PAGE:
Law and religion round-up – 16th July

A quiet week, apart from…

… not the Great Repeal Bill

On Thursday, the Government published the European Union (Withdrawal) Bill. We noted it here and the Parliament page on the Bill is here.

In Public Law for Everyone, Professor Mark Elliott’s post looks in some detail (albeit preliminarily) at how the EU (Withdrawal) Bill works, and comments on some of the key constitutional issues that it raises, here. As a taster (for both Brexiteers and Remainers), he concludes: Continue reading

Is a foreign polygamous marriage valid in Ireland? HAH v SAA & Ors

We tend not to encroach into Ireland, but we thought it worth reporting a recent case on the status in Irish law of a polygamous marriage contracted validly in Lebanon.

The background

HAH, the husband, was a recognised refugee and naturalised Irish citizen who had contracted marriages with two women in Lebanon in accordance with Lebanese law. Continue reading

Law and religion round-up – 18th June

And in a week overshadowed by the horrendous fire at Grenfell Tower and the fallout from the General Election …

Access for Northern Ireland women to free abortion in England

On Thursday we posted Frank’s analysis of R (A and B) v Secretary of State for Health [2017] UKSC 41 in which the Supreme Court considered:

  • Was the Secretary of State ‘s failure to exercise his power to require abortion services to be provided through the NHS in England to women ordinarily resident in Northern Ireland unlawful as a failure to discharge his duty under s 3 of the National Health Service Act 2006 to “take such steps as he considers necessary to meet all reasonable requirements” for services?
  • Does the continuing failure to provide free abortion services in England to women ordinarily resident in Northern Ireland infringe Articles 14 (discrimination) and 8 (private and family life) ECHR?

The appeal was dismissed by a 3-2 majority, and we suggested that it is quite possible that the case is bound for Strasbourg. Continue reading

Law and religion round-up – 4th June

Another serious incident in London …

The Labour Party, race and faith

The Labour Party published its Race and Faith Manifesto – which has quite a lot to say about race and ethnicity but not very much specifically about religion other than that Labour “will strengthen our communities’ rights to practice [sic] their religion free from persecution” and “defend the right to wear all forms of religious and other dress of Muslims, Jews, Hindus, Christians, Sikhs and many others”. It does, however, include a specific condemnation of antisemitism and pledges “a review the Prevent programme with a view [to] assessing its effectiveness and potential to alienate minority communities”.

The European Parliament and antisemitism

On Thursday, the European Parliament agreed a resolution urging stronger action against antisemitism across the EU.

Continue reading

The Emperor of Japan, Prince Philip and the ‘a’ word

Two recent announcements – the Japanese government’s agreement to the Emperor’s wish to abdicate and Prince Philip’s retirement from public life, both on grounds of advancing age – highlight the fact that there is no continuing provision for abdication in UK law. Bob Morris, who will be no stranger to readers of this blog, has kindly allowed us to cross-post the following, which first appeared on the UCL Constitution Unit Blog. Bob indicated to us that it would be interesting to see whether any of our readers were moved to regard religious reasons as nowadays an impediment to abdication/retirement.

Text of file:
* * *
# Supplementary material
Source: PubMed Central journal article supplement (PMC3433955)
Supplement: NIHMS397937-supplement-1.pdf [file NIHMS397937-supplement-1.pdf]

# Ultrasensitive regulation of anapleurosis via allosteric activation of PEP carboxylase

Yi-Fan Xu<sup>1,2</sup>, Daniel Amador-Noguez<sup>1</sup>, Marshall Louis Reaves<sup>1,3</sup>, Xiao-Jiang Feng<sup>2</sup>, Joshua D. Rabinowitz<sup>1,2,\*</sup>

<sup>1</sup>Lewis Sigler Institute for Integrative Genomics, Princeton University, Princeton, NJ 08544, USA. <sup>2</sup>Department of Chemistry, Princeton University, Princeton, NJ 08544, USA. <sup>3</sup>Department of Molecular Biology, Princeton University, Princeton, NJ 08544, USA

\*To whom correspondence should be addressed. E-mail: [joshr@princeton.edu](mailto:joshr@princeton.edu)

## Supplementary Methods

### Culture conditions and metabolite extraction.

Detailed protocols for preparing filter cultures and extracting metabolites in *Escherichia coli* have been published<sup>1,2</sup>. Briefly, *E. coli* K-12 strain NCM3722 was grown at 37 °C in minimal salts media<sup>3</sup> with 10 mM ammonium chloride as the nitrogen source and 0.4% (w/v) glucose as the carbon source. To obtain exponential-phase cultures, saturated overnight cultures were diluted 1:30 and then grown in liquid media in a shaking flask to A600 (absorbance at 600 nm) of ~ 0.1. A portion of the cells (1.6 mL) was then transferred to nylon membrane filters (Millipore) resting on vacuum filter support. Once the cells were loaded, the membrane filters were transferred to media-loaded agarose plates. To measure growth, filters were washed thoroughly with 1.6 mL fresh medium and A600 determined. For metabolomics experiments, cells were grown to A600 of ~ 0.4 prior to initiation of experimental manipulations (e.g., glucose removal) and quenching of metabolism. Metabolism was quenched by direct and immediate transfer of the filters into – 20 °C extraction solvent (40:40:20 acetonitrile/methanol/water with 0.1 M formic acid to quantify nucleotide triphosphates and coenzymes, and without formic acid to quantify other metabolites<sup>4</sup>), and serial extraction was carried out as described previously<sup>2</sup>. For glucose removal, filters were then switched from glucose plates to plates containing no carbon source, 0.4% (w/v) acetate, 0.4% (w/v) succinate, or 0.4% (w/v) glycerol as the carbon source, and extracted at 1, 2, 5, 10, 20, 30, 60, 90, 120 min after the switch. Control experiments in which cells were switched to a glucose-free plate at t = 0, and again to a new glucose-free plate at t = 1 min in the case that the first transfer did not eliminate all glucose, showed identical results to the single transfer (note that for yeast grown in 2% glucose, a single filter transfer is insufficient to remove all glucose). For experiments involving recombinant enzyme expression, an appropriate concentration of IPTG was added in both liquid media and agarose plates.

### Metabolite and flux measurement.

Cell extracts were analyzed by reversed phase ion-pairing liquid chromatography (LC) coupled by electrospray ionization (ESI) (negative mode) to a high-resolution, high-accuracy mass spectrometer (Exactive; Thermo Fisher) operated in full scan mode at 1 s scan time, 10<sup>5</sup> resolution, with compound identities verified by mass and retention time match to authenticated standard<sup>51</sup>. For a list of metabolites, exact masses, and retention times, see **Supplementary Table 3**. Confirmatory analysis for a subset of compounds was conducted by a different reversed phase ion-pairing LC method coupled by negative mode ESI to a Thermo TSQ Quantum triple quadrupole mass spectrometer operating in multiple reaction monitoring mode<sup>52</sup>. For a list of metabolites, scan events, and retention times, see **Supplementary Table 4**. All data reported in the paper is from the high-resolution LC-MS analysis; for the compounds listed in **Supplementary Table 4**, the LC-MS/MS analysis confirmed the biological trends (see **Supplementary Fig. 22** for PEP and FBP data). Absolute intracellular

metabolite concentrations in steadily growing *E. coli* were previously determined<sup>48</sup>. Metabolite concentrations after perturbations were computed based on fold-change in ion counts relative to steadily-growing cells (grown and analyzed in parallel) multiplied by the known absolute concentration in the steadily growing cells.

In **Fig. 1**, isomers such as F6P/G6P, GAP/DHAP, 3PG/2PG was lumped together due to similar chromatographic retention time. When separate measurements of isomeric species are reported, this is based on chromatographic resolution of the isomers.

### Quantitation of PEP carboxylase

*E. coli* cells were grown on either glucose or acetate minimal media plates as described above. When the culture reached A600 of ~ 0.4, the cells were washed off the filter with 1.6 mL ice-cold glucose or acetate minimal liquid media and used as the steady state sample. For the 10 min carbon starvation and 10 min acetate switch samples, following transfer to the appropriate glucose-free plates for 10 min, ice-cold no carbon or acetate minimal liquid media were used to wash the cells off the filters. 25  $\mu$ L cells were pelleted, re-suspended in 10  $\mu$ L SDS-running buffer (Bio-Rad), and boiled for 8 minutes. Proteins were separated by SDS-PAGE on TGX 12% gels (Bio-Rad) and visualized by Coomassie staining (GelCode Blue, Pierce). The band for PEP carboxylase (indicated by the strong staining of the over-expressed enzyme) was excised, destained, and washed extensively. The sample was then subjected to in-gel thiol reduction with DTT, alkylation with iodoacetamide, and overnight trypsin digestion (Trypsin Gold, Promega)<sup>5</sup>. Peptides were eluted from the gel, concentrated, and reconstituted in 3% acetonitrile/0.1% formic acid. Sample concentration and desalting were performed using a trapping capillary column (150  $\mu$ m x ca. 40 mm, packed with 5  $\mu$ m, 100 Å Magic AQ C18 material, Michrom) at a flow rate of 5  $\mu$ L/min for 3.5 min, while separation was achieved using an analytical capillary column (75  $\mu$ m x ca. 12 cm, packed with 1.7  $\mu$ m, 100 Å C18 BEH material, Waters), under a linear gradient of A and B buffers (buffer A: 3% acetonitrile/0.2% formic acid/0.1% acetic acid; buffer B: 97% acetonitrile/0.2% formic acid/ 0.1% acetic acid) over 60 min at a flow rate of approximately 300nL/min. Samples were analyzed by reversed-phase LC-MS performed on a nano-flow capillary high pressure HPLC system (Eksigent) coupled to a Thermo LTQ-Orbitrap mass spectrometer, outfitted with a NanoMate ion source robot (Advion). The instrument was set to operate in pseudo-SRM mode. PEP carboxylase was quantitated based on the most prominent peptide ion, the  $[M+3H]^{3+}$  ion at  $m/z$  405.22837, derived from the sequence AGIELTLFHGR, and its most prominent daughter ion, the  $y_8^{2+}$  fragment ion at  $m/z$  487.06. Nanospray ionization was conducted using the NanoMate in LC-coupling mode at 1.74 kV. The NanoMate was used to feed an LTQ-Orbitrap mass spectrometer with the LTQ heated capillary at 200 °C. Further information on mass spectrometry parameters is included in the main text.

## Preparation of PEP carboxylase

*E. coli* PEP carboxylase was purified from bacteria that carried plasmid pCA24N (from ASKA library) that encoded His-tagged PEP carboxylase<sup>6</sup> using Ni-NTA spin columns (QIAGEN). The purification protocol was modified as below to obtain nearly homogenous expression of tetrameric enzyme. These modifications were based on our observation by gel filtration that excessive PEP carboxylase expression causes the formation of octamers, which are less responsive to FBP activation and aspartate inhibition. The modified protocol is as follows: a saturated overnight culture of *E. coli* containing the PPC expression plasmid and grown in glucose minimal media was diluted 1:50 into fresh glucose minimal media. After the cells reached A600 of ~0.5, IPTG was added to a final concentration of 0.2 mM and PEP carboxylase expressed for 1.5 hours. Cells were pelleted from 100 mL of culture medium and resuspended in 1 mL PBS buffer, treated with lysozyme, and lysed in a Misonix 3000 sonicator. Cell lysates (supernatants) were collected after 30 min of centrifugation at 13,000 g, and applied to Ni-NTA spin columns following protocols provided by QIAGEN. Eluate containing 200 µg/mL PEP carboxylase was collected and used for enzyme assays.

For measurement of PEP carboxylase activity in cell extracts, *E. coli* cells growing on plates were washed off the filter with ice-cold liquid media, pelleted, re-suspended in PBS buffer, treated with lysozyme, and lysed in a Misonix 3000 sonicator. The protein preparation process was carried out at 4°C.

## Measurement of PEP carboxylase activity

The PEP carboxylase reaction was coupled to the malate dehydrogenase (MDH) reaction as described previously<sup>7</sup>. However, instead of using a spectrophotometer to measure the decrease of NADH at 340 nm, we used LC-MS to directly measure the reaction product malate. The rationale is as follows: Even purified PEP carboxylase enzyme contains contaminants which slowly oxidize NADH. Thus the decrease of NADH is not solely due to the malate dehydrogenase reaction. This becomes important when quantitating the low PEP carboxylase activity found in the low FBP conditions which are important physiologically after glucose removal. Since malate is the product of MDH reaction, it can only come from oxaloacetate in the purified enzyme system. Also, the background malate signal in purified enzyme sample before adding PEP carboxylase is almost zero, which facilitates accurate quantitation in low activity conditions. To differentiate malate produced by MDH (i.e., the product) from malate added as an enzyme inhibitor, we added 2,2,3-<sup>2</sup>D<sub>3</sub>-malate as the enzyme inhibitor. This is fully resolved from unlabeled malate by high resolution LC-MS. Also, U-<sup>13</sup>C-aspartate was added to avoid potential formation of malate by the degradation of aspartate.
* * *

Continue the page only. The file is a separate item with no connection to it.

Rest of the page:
The Japanese government has agreed to the request of the current Emperor of Japan, Akihito, to abdicate on grounds of age and growing infirmity – he is now 84 years old. Prince Philip, 96 this year, announced on 4 May that he would be withdrawing from public life later this year on grounds not dissimilar to those of the Emperor. What are the implications, if any, for the United Kingdom monarchy? Continue reading

Christian prayers in the military: Commodore Royal Bahamas Defence Force

Background

Colours parades have been a tradition in the Royal Bahamian Defence Force since its creation in 1980 and, at some of them, Christian prayers are said at one point in the parade [1]. From 1993 to 2006, pursuant to Coral Harbour Temporary Memorandum No 20/93, non-Christians could excuse themselves by falling out during the prayers and falling back in after them; but that was revoked by a further Temporary Memorandum No 67/06 in 2006 [2].

In Commodore Royal Bahamas Defence Force & Ors v Laramore (Bahamas) [2017] UKPC 13, former Petty Officer Gregory Laramore, a Muslim who objected to being obliged to attend Christian prayers on parade, challenged the constitutionality of the 2006 Memorandum [3]. Continue reading

Law and religion round-up – 23rd April

A week dominated by…

…the General Election, June 2017

On 18 April we published a short post on the announcement by the Prime Minister of her intention to move a motion for an early election in the House of Commons on the following day, under the provisions of the Fixed-term Parliaments Act 2011. The House of Commons Library immediately published a helpful short guide to the election, and for anoraks, it answers the question: Will the Manchester Gorton by-election go ahead? vide infra. The House of Commons Library has also produced a briefing on the Fixed Term Parliaments Act.

On 12:57 pm on 19 April, the Prime Minister moved “That there shall be an early parliamentary general election”. [HC Hansard, 19 April Vol 624 Col 681]. After a 90-minute debate, the House divided: Ayes: 522; Noes: 13.  Continue reading